âDisabled women who have experienced sexual violence make up a quarter of Rape Crisis service users – which is an indication of how disproportionately disabled women are impacted by sexual violence, often by their own carers. The voice and engagement of specialist organisations run by and for disabled women, like Sisters of Frida and Stay Safe East, is essential to the CEDAW process in raising awareness of sexual violence to the Committee.â
‘Disabled womenÂ face multiple disadvantage in being able to participate as fully as they wish in all aspects of their lives â social, as well as political and economic .Â The CEDAW Committee made recommendations in their concluding observations to their last report that would improve the capacity of women in the UK to access health care and justice but little has been achieved and austerity policies combined with a lack of specific attention to the issues faced by disabled women, make these more not less distant goals.Â Indeed, disabled women â especially those with learning disabilities who are also likely to experience mental ill-health – continue to face the loss of their babies at birth.
We strongly support NAWO members, Sisters of Frida, in their campaign for focused attention by the UK Government on the needs and concerns of disabled women and girls.’
We would be happy to hear from others, individuals and/or organisations, who would like to join us in our campaign for disabled women’s rights in issues mentioned here. Please comment below or write to firstname.lastname@example.org, tweet @sisofrida
Note: Stay Safe East is a unique user-led organisation run by disabled people, providing specialist and holistic advocacy and support services to disabled people from diverse communities in East London (currently Waltham Forest and Newham) who are victims/survivors of domestic or sexual violence, hate crime, harassment and other forms of abuse.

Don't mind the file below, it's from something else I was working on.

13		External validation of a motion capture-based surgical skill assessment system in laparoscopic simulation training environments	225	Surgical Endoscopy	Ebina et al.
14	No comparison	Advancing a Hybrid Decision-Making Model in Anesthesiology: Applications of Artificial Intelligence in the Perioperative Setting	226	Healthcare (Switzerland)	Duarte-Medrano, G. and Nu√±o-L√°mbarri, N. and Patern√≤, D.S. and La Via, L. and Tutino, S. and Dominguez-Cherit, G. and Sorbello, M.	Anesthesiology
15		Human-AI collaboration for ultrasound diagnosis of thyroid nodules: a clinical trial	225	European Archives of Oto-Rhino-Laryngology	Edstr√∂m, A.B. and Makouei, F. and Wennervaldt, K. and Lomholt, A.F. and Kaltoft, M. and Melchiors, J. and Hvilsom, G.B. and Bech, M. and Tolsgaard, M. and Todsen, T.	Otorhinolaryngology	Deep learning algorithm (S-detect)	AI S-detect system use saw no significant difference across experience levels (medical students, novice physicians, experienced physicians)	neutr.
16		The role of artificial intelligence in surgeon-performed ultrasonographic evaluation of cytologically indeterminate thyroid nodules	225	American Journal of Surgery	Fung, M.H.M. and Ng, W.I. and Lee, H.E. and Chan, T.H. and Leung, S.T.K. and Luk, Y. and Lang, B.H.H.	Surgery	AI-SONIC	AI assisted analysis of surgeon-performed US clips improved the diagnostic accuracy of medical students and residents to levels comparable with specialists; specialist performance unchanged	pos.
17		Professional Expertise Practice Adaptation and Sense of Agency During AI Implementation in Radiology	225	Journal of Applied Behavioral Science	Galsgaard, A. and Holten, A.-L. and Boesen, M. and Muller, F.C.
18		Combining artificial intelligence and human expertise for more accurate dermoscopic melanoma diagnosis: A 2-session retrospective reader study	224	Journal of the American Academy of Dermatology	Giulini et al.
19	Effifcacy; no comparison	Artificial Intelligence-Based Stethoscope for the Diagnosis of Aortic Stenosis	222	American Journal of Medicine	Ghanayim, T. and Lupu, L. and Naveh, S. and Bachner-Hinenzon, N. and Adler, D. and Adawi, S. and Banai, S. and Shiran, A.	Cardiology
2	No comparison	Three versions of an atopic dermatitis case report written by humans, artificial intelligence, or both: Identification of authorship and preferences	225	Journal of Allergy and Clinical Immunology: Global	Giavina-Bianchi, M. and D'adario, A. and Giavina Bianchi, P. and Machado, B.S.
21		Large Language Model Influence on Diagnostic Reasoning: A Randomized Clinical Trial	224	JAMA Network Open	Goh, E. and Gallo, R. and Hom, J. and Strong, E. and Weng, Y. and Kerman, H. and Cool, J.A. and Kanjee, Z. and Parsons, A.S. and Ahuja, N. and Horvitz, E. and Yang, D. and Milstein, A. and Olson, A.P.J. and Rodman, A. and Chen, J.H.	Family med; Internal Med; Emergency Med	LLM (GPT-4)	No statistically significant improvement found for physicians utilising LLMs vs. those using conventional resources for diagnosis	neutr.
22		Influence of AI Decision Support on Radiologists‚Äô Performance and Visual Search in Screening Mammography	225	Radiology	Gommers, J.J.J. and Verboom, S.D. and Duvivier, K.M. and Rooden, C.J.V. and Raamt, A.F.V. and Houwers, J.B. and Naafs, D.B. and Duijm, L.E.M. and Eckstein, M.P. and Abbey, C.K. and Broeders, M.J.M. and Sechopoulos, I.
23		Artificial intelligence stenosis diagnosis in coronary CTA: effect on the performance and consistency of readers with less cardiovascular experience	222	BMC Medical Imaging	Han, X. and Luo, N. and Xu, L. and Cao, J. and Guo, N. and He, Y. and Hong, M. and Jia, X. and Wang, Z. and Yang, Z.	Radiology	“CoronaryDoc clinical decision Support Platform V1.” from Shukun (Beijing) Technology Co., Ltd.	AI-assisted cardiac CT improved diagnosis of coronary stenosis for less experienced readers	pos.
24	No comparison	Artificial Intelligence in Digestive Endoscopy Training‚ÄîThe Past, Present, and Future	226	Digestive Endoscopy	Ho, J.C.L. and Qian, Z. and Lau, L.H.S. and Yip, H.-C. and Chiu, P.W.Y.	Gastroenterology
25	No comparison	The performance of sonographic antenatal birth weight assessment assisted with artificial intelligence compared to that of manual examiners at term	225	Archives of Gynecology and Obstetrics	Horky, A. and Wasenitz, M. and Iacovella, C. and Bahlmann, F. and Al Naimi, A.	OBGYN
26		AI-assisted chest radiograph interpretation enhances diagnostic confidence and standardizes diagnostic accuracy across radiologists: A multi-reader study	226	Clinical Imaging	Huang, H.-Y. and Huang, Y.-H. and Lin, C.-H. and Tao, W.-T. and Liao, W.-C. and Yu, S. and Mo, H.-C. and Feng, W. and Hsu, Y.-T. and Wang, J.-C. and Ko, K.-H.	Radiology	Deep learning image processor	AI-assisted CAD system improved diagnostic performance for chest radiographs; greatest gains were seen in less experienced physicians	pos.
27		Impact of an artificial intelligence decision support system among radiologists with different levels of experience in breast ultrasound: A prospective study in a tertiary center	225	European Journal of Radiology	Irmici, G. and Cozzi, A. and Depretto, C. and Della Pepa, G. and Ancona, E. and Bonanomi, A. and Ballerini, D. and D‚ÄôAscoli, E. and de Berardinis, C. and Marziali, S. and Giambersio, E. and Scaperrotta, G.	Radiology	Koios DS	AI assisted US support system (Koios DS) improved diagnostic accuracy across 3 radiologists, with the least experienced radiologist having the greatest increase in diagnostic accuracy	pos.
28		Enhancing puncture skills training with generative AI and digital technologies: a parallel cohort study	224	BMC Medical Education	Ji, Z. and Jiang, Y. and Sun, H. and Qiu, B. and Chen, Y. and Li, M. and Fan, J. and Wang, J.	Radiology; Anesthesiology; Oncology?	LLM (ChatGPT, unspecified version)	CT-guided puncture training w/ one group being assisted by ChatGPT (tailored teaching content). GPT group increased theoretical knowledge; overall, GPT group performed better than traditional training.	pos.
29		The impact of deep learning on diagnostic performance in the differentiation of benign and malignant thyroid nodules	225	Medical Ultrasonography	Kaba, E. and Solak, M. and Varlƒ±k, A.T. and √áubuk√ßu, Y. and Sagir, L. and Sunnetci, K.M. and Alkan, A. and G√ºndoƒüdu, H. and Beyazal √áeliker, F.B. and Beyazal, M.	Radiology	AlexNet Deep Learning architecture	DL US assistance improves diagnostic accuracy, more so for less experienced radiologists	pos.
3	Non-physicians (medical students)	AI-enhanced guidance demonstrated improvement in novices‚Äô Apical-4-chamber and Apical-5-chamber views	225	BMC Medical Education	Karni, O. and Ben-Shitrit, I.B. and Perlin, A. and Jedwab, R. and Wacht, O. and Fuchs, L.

Sisters of Frida calls out UK Government on human rights violations of disabled women
Sisters of Frida joins Deaf and Disabled Peopleâs Organisations (DDPOs) from across the UK in Geneva this week to present evidence of violations on disabled peopleâs rights to the UN Committee on the Rights of Disabled People (UNCRPD)
In a closed session on Monday 21st August, DDPOs will highlight the UK Governmentâs failure to respond to many of the questions put to it by the Committee throughout this process. They will tell the Committee of the systemic failure to support disabled people to live independently and to have access to social, educational, and employment opportunities.
This is the first time the UN Disability Committee is reviewing the UKâs progress in implementing the UN Convention on the Rights of Persons with Disabilities since the UK government ratified the Convention in 2009. DDPOs will tell the Committee that the government has ignored many of the questions put to it earlier this year as part of the review process. The Committee will consider the governmentâs response to its questions and the DDPOsâ observations before questioning representatives from the UK and devolved governments in Geneva later this week (23 and 24 August).